Spoilers after the jump…
THIS REVIEW CONTAINS SPOILERS AFTER THE JUMP
This is the second best book I’ve ever read. (The first best is Tana French’s follow-up novel, the Likeness–
I’ll get around putting my love for that beautiful novel into words at some point I review that here).
The fact that this book has anything less than five stars on Goodreads and Amazon is one of the main reasons I tend to disregard reviews from people whose tastes I don’t know when deciding what to read next. This book is perfect: the characters, the beautiful sentences, the plot, the themes. Perfect, I tell you.
The premise is chilling and engrossing: In 1984, three children disappear into the woods outside a suburb of Dublin. Hours later, only one little boy is found, with blood on his shoes and slashes on his back and no memory of the previous hours. The other two children are never found. Twenty years later, Rob Ryan, the found boy, is a detective, investigating the murder of another child in those same woods. And though the mysteries are well-spun yarns, it’s the characters that get to me in this novel, espeically how beautifully drawn Rob and his partner Cassie are. That, and the beautiful sentences.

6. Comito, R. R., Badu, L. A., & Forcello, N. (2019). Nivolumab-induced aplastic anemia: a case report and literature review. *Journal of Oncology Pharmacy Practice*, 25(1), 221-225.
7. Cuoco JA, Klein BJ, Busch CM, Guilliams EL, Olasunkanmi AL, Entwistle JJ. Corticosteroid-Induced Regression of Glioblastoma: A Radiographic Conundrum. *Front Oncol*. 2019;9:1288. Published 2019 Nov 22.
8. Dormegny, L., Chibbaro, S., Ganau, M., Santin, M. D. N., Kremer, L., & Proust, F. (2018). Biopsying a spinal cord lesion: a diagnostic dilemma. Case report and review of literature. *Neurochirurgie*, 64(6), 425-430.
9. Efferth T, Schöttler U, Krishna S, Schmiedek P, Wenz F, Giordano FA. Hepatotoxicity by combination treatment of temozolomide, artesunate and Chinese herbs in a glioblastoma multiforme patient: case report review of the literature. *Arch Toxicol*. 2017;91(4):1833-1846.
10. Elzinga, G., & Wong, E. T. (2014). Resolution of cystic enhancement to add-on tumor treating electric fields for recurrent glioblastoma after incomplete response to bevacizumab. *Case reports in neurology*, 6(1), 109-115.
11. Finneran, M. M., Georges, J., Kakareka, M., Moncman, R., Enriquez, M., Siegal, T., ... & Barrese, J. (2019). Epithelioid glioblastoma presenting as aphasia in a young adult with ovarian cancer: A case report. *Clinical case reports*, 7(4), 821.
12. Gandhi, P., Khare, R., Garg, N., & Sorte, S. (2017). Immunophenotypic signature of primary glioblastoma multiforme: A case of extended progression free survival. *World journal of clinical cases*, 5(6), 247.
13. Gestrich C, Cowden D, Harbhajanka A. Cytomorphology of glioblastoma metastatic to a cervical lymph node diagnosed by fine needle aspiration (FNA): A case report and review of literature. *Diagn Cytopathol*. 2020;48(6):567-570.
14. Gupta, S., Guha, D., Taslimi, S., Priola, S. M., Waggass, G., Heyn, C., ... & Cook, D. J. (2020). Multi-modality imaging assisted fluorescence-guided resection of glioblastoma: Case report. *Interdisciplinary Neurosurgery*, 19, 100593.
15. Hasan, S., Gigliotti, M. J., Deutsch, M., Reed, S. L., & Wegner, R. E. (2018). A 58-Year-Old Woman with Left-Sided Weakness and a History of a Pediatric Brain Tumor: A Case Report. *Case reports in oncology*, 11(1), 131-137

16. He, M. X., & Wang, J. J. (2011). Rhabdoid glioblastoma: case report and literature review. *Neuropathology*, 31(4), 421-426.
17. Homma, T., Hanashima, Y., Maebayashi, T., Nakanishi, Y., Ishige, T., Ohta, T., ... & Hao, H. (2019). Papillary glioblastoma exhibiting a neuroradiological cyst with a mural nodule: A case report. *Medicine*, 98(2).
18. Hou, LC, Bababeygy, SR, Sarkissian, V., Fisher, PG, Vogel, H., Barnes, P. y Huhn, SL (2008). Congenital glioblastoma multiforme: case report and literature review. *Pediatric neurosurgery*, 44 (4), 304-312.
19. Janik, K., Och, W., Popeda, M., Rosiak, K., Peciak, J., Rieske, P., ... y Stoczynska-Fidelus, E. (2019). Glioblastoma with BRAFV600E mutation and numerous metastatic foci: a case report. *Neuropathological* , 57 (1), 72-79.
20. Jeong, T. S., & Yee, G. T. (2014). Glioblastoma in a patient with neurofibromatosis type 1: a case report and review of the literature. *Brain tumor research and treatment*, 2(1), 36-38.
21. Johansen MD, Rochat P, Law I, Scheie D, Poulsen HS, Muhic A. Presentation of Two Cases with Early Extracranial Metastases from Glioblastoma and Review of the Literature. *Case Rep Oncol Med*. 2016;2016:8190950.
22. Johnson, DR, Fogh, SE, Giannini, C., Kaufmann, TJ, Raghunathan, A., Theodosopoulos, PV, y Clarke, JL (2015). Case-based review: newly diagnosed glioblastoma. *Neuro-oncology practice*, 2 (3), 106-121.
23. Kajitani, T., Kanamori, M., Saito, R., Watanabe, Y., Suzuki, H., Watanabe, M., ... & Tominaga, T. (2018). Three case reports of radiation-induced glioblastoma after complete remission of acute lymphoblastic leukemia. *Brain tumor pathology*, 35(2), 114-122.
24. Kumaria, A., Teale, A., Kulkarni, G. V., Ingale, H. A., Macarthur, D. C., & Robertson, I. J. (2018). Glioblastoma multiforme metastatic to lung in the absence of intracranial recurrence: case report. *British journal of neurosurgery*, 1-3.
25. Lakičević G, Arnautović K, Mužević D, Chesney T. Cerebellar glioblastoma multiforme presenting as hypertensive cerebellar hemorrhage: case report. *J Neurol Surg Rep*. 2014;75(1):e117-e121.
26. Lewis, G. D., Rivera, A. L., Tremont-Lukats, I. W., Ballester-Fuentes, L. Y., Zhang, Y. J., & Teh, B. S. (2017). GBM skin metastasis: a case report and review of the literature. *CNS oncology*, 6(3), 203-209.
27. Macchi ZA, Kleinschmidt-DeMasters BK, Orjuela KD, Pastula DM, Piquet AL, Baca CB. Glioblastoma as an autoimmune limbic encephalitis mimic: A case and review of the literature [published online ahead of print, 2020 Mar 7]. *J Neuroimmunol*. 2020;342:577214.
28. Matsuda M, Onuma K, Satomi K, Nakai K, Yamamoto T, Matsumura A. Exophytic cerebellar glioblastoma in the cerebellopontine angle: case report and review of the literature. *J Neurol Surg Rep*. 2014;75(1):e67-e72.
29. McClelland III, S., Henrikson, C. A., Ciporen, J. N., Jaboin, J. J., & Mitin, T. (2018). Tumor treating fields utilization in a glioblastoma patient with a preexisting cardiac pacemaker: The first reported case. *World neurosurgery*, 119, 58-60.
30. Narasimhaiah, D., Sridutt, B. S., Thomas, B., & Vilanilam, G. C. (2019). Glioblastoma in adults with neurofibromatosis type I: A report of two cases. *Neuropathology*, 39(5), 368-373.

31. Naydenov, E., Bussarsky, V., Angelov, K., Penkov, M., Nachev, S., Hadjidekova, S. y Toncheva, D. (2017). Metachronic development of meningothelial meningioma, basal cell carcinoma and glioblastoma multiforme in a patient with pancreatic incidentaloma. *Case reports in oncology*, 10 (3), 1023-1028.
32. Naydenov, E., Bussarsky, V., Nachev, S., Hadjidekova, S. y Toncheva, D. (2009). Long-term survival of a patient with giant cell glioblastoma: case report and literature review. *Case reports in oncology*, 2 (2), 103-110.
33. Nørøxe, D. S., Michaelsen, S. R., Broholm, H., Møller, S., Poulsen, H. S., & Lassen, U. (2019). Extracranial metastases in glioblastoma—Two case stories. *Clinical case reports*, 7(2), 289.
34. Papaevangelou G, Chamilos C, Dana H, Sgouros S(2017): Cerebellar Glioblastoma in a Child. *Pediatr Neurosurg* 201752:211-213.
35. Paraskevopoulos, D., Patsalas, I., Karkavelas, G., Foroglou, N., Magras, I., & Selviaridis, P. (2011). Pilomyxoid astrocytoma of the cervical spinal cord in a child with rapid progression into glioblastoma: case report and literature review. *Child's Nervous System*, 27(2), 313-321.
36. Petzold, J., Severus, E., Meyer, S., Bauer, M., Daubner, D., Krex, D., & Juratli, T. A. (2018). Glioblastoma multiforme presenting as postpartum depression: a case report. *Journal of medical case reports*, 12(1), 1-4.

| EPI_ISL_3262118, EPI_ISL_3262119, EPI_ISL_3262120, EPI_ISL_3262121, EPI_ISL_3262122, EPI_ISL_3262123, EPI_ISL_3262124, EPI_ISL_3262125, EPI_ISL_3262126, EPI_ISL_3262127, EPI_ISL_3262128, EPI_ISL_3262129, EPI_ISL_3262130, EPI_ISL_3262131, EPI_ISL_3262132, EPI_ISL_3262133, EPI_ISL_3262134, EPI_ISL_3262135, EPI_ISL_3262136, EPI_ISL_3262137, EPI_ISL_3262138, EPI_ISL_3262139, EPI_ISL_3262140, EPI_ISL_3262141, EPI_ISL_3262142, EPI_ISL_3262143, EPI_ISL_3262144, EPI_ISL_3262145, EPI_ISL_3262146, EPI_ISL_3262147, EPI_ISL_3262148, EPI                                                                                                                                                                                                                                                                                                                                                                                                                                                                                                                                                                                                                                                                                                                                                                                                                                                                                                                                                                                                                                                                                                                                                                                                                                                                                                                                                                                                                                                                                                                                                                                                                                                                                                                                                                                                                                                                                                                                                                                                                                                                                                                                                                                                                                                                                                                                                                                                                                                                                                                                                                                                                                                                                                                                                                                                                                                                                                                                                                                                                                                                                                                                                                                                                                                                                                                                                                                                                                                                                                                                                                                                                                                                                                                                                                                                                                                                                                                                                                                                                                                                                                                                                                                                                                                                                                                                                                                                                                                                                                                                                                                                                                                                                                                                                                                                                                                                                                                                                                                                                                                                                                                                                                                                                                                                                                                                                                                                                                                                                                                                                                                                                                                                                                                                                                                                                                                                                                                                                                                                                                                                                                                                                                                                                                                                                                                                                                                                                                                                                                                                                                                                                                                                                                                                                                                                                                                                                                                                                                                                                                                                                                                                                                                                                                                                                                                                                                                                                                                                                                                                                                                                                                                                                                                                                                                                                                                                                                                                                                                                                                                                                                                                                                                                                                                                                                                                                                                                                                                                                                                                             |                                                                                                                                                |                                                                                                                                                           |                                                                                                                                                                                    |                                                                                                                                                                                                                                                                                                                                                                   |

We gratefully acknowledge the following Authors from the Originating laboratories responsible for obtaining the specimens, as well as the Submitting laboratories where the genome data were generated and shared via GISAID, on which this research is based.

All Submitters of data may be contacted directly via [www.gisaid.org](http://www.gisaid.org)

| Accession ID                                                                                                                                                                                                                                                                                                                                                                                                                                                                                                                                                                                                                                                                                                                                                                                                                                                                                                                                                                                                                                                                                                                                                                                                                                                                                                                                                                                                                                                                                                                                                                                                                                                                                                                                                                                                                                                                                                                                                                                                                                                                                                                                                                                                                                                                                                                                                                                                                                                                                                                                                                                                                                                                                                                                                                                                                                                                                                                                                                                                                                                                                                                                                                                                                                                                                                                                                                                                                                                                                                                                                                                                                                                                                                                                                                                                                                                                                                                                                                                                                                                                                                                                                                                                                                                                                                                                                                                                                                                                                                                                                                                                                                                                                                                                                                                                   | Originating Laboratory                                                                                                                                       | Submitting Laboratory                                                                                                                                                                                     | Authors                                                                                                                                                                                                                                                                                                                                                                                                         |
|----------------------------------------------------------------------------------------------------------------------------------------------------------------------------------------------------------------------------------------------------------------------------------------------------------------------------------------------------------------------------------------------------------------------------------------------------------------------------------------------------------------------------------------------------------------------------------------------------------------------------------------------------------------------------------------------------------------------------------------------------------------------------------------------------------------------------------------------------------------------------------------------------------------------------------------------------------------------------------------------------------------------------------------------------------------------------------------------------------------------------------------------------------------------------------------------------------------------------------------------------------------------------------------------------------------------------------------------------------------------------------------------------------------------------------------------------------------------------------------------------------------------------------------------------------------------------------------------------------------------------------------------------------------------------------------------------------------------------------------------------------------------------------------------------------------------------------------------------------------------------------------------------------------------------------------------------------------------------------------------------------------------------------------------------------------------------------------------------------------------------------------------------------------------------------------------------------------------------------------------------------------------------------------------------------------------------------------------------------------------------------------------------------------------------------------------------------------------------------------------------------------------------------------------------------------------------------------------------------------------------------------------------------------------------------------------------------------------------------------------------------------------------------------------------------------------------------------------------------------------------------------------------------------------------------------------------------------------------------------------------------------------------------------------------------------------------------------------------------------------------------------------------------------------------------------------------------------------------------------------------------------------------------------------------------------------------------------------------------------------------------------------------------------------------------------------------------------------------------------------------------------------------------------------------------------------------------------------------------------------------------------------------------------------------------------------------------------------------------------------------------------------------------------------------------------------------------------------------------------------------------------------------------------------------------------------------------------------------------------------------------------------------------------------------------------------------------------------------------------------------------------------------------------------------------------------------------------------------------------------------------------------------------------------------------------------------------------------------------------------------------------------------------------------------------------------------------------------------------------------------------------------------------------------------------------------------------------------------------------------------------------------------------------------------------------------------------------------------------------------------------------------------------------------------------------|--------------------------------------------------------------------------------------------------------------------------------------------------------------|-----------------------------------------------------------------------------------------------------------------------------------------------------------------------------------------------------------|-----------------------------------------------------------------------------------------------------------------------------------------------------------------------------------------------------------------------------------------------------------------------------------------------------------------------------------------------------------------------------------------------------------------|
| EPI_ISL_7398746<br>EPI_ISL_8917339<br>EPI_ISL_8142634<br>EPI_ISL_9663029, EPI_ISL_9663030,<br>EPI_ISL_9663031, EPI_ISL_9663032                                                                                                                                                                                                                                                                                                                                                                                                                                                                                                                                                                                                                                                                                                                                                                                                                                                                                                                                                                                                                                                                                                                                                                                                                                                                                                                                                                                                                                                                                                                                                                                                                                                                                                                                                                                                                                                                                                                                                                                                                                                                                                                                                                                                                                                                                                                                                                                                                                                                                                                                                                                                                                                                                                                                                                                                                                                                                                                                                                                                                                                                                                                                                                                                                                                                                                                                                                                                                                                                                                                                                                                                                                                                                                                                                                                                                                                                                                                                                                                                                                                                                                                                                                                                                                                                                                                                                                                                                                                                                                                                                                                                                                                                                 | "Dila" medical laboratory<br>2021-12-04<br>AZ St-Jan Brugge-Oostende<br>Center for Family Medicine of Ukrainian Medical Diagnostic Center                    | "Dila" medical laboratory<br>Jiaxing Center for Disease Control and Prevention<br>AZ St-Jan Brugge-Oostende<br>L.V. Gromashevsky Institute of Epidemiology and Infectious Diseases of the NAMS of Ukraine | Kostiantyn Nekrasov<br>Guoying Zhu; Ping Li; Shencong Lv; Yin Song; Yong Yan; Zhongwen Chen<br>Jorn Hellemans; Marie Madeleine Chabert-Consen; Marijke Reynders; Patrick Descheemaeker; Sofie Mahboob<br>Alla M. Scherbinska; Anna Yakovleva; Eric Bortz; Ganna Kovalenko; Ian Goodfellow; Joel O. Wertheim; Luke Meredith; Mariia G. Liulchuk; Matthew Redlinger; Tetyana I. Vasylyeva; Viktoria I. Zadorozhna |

Reasons to read this book:
1. The aforementioned beautiful sentences:
Picture a summer stolen whole from some coming-of-age film set in small-town 1950s. This is none of Ireland’s subtle seasons mixed for a connoisseur’s palette, watercolor nuances within a pinch-sized range of cloud and soft rain; this is summer full-throated and extravagant in a hot pure silkscreen blue.
2. The voice of your narrator, Rob Ryan:
The truth is the most desirable woman in the world and we are the most jealous lovers, reflexively denying anyone else the slightest glimpse of her. We betray her routinely, spending hours and days stupor-deep in lies, and then turn back to her holding out the lover’s ultimate Mobius strip: But I only did it because I love you so much.
3. The relationship between Rob and his partner, Cassie:
The girls I dream of are the gentle ones, wistful by high windows or singing sweet old songs at a piano, long hair drifting, tender as apple blossom. But a girl who goes into battle beside you and keeps your back is a different thing, a thing to make you shiver. Think of the first time you slept with someone, or the first time you fell in love: that blinding explosion that left you crackling to the fingertips with electricity, initiated and transformed. I tell you that was nothing, nothing at all, beside the power of putting your lives, simply and daily, into each other’s hands.